Organised in cooperation with SCOOP, the Danish-based support structure that gives direct help to investigative reporting, the event brought together the largest gatherings of journalists in the region who specialise in uncovering difficult-to-report stories.
The conference, hosted by Hungary’ Centre for Independent Journalism, provided an opportunity for participants to meet fellow-journalists who have been involved in tracking terrorists, worked undercover in an orphanage or exposed university lecturers who issued false diplomas.
Leading practitioners from the United States and elsewhere in the world shared their experiences in investigative reporting.
Mark Schapiro, Editorial Director of the Center for Investigative Reporting, California, spoke about the role of the media as a watchdog.
Professor Sheila Coronel, Director of the Stabile Center for Investigative Journalism at Columbia University’s Graduate School of Journalism, New York, described the challenges facing investigative journalists in her native Philippines and other transition societies across the world.
Hu Shuli, Managing Editor of China’s Caijing business magazine, voted International Editor of the Year (2003) by the World Press Review, focused on the very different problems facing investigative journalists working within her country’s more restrictive media environment, but noted that 95 per cent of topics were no longer taboo.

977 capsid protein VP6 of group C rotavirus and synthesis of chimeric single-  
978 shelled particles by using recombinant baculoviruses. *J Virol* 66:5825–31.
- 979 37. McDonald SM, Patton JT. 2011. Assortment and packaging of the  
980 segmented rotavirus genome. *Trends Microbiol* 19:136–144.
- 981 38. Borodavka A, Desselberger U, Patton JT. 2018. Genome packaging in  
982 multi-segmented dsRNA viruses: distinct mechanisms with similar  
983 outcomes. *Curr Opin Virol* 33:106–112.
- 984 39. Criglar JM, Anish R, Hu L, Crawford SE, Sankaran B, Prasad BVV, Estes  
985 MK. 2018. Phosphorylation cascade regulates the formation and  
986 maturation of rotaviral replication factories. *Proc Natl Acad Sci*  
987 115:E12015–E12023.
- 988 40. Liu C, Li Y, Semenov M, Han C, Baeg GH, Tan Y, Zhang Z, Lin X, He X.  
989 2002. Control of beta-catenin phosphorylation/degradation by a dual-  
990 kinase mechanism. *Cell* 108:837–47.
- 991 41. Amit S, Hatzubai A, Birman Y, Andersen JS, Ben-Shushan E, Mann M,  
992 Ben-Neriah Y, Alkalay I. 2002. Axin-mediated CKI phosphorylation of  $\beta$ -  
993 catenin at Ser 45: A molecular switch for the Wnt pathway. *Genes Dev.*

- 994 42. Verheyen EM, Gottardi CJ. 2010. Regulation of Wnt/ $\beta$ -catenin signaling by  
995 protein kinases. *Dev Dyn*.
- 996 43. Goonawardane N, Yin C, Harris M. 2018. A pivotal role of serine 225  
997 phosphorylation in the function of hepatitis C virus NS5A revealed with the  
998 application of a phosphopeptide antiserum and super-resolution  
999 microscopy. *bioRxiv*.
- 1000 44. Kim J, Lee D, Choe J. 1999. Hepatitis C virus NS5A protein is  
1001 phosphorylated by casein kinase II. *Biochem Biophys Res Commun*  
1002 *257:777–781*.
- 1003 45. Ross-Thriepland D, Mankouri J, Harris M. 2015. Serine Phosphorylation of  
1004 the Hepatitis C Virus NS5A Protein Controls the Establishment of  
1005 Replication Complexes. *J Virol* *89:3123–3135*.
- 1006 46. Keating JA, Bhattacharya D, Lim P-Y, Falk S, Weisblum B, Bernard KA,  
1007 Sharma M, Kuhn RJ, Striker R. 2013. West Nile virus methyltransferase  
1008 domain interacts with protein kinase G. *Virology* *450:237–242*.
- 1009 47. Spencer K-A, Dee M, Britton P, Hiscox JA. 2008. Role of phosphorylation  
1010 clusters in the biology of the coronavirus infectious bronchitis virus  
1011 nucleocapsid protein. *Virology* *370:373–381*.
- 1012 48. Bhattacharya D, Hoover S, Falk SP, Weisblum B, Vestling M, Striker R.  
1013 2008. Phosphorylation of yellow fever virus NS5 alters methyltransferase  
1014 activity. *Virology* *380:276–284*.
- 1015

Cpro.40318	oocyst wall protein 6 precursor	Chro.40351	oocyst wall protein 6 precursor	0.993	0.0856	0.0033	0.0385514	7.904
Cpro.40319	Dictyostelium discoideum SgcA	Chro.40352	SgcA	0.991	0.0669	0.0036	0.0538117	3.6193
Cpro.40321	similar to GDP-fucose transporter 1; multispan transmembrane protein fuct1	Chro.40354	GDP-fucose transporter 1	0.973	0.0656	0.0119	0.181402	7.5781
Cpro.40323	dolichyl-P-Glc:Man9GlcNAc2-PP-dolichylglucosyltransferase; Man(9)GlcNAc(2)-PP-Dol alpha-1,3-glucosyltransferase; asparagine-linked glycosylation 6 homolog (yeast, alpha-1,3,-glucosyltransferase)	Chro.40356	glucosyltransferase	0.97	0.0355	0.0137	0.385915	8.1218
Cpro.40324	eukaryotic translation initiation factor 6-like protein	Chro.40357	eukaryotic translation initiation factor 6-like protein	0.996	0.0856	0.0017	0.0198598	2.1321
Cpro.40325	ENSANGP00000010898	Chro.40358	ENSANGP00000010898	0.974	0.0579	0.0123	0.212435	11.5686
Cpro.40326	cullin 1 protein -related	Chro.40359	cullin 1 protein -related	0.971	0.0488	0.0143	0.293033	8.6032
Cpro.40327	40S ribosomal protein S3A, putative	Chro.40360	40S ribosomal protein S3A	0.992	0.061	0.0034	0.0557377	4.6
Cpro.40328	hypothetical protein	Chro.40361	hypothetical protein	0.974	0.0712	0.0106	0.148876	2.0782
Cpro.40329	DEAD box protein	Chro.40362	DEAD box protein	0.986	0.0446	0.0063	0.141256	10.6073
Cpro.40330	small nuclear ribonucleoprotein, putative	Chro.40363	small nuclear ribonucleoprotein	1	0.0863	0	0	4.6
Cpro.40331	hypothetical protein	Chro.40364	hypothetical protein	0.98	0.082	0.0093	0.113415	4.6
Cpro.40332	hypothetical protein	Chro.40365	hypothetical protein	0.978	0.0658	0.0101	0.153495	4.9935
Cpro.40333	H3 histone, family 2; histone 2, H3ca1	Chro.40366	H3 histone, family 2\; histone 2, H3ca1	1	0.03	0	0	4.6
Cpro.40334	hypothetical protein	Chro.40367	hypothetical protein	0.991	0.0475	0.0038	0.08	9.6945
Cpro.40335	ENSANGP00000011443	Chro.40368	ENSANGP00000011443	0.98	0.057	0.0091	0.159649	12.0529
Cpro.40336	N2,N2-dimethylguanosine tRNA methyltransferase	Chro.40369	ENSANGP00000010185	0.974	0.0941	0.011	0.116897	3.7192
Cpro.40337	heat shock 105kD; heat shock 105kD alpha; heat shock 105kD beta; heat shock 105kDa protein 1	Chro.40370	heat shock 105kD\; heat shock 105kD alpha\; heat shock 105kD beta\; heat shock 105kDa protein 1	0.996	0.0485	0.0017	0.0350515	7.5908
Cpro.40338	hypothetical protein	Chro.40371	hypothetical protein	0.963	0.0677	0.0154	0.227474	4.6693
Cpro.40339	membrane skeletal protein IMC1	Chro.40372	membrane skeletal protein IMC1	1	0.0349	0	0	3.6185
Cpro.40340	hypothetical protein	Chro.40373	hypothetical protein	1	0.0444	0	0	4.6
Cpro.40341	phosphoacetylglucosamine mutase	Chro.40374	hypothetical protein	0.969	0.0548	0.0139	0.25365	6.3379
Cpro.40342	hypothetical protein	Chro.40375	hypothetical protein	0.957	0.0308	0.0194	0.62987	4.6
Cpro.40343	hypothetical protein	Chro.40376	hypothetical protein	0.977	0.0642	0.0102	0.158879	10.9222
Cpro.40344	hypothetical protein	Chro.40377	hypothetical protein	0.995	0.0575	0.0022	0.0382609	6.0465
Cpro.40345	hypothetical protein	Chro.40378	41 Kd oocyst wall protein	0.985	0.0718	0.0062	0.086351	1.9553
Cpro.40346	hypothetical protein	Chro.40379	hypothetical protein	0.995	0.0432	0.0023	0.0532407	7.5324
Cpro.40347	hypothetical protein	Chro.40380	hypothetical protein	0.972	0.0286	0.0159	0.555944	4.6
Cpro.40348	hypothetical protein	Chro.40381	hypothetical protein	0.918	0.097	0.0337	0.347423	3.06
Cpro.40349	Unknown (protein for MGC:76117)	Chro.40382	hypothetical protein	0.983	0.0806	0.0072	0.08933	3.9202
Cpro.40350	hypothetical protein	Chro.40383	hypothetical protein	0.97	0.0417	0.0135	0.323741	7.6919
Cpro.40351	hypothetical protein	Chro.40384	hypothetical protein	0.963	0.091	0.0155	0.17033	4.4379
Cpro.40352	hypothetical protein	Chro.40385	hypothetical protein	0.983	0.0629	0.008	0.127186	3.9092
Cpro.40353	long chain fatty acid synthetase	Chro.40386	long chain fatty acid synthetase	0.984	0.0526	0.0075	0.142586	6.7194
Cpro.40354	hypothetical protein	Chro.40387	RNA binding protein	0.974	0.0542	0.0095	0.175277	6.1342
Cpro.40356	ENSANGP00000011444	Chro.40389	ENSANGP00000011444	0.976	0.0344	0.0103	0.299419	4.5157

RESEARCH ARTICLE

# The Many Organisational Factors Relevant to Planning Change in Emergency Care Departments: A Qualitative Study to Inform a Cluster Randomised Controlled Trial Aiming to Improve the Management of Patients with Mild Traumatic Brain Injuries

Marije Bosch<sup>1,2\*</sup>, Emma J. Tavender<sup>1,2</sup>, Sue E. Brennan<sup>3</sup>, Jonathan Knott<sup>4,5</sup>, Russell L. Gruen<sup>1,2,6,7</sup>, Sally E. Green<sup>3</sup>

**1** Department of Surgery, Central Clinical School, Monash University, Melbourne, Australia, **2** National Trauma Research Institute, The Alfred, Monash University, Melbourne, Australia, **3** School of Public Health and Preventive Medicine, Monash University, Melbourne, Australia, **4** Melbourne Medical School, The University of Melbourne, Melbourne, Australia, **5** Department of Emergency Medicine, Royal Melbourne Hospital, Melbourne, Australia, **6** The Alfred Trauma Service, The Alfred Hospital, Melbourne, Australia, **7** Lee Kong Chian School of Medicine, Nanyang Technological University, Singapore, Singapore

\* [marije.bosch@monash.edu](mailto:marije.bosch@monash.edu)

David Kaplan of the organisation Investigative Reporters and Editors, detailed some of the ground-breaking investigations he had carried out for U.S. News and World Report, about terrorists and the war on terror around the world.
Kaplan’s presentation and a talk by Milorad Ivanovic, deputy Editor-in-chief of Blic daily in Serbia, prompted a lively discussion about the rights and wrongs of using the term „terrorist”.
The arguments pitted supporters of the principle that journalists should avoid using value-laden or emotional language against those who believe that reporters should not be afraid to “call a spade a spade”.
The former was exemplified by the editorial guidelines of the BBC and Reuters, which warn against use of the term on the grounds that “one man’s terrorist is another man’s freedom fighter”, while the latter argued that denying that an act of violence against innocent civilians was terrorism was simply pandering to the terrorists’ supporters.
Participants had many opportunities to broaden their knowledge and improve their skills in advanced computer-assisted research, working undercover, investigating terrorism and dealing with the often sophisticated financial aspects of corruption.
“This conference was a much-needed positive contribution to promoting professional standards in investigative reporting in the Balkans and beyond”, Gordana Igric, BIRN’s director said about training event.
Over 20 journalists gave personal accounts of successful investigative reports. These ranged from the impact of gold mining on the environment in Bulgaria to the issuing of fake documents in Macedonia, from the recruitment of Balkan mercenaries for Iraq to the financial machinations of energy suppliers in Romania.
There were lively debates about the ethics of working undercover, protecting the confidentiality of sources, reporting violence and its impact both on audiences and the journalists themselves.
“Many journalists came here believing lack of resources or up-to-date technology made some forms of investigative reporting impossible”, SCOOP’s conference organiser, Henrik Kaufholz, said after the event. “They.ve gone away knowing it’s all possible.